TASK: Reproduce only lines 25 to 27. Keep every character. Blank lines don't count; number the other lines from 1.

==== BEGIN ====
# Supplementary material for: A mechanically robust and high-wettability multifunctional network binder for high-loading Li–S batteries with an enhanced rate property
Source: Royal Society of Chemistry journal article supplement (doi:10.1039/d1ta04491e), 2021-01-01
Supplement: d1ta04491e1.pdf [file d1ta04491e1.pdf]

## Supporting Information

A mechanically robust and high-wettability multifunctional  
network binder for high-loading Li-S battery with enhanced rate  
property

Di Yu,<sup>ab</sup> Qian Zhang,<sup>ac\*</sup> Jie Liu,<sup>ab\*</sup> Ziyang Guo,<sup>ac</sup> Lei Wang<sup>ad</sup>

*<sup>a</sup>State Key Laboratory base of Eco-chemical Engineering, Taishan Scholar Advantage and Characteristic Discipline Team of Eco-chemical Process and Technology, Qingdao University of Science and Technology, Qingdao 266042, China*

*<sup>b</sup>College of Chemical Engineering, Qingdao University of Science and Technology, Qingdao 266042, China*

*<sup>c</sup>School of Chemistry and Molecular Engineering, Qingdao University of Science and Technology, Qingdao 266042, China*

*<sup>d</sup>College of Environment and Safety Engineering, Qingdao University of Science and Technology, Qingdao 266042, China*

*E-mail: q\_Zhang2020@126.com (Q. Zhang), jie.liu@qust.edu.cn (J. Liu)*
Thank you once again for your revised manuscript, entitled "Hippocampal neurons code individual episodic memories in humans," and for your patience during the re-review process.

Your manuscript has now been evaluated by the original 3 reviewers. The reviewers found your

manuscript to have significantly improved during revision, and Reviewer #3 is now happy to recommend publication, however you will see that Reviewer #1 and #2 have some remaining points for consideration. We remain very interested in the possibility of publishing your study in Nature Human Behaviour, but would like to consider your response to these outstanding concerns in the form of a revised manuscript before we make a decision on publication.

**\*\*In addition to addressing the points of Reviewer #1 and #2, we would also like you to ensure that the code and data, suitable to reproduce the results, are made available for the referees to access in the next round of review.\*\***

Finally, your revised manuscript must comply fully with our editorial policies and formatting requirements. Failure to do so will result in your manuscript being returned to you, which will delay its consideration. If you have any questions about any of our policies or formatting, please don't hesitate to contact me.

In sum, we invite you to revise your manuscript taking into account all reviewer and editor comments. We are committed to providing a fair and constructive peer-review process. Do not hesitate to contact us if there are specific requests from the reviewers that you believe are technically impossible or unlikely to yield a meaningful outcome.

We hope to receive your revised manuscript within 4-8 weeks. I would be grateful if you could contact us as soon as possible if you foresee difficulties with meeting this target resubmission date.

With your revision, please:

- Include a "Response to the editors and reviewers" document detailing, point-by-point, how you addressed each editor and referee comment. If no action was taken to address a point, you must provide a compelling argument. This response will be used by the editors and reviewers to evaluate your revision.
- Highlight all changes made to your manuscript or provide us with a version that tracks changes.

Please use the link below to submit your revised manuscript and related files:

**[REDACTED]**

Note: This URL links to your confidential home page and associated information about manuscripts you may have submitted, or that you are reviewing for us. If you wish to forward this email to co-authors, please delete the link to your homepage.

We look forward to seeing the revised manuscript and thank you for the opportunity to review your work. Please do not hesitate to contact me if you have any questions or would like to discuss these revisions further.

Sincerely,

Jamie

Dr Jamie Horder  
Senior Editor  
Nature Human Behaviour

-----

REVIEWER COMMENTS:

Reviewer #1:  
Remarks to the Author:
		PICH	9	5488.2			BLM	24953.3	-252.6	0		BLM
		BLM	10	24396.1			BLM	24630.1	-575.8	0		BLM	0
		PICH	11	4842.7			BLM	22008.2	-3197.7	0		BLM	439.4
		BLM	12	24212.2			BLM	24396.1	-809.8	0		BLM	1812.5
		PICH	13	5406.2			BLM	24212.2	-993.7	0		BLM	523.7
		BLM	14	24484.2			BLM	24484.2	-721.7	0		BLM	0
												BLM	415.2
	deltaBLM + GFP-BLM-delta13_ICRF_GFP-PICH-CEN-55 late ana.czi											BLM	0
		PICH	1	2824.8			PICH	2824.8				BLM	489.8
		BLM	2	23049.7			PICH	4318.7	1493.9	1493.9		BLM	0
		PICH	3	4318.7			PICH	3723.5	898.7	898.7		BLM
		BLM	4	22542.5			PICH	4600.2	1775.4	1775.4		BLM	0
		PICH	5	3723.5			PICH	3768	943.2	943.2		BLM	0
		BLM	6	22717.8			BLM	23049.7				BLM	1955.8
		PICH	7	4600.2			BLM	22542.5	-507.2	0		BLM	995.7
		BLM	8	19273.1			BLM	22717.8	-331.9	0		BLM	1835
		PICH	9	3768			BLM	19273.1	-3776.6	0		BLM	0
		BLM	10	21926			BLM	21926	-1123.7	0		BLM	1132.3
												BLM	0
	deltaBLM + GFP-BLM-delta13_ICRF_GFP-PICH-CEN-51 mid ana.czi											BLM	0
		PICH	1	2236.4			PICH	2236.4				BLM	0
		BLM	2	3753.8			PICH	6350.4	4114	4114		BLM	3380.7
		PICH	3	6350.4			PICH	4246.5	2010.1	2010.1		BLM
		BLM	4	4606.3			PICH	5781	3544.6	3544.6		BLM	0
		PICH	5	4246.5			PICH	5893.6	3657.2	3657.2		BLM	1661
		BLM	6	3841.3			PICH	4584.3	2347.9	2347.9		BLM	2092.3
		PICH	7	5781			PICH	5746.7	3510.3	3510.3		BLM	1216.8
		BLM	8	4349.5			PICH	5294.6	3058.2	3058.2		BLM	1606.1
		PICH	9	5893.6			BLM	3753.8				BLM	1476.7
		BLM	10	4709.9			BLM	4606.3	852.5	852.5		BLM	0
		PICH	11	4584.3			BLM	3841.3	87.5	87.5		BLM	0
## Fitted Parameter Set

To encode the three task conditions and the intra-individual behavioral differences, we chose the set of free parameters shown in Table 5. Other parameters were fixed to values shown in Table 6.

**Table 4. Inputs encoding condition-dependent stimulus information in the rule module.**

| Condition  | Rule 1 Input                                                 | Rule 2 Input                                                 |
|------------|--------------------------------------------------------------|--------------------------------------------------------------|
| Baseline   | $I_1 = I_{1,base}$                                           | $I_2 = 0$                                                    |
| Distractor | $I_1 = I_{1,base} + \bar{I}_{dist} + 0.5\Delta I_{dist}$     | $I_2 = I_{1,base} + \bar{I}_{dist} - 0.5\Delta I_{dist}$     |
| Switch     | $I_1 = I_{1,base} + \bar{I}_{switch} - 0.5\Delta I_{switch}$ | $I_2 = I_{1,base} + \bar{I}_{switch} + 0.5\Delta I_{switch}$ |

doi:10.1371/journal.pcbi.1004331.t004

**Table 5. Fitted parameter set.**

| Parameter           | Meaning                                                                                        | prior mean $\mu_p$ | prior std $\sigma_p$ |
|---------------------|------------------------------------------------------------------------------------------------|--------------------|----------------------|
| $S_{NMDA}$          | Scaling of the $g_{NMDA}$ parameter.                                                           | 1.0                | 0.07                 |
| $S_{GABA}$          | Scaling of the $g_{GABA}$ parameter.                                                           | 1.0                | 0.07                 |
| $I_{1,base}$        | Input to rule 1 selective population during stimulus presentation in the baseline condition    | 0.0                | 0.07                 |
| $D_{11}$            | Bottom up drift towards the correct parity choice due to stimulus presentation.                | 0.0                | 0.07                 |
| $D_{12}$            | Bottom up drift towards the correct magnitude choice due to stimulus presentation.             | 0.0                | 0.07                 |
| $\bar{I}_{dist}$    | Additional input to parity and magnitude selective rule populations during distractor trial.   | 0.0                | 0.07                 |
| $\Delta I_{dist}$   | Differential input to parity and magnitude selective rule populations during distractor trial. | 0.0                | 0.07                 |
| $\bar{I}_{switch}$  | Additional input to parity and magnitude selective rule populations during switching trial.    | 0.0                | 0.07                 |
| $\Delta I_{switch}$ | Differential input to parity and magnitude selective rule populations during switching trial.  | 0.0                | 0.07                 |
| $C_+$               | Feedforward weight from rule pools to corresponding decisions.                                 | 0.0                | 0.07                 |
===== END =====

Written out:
**[REDACTED]**

Note: This URL links to your confidential home page and associated information about manuscripts you may have submitted, or that you are reviewing for us. If you wish to forward this email to co-authors, please delete the link to your homepage.

We look forward to seeing the revised manuscript and thank you for the opportunity to review your work. Please do not hesitate to contact me if you have any questions or would like to discuss these revisions further.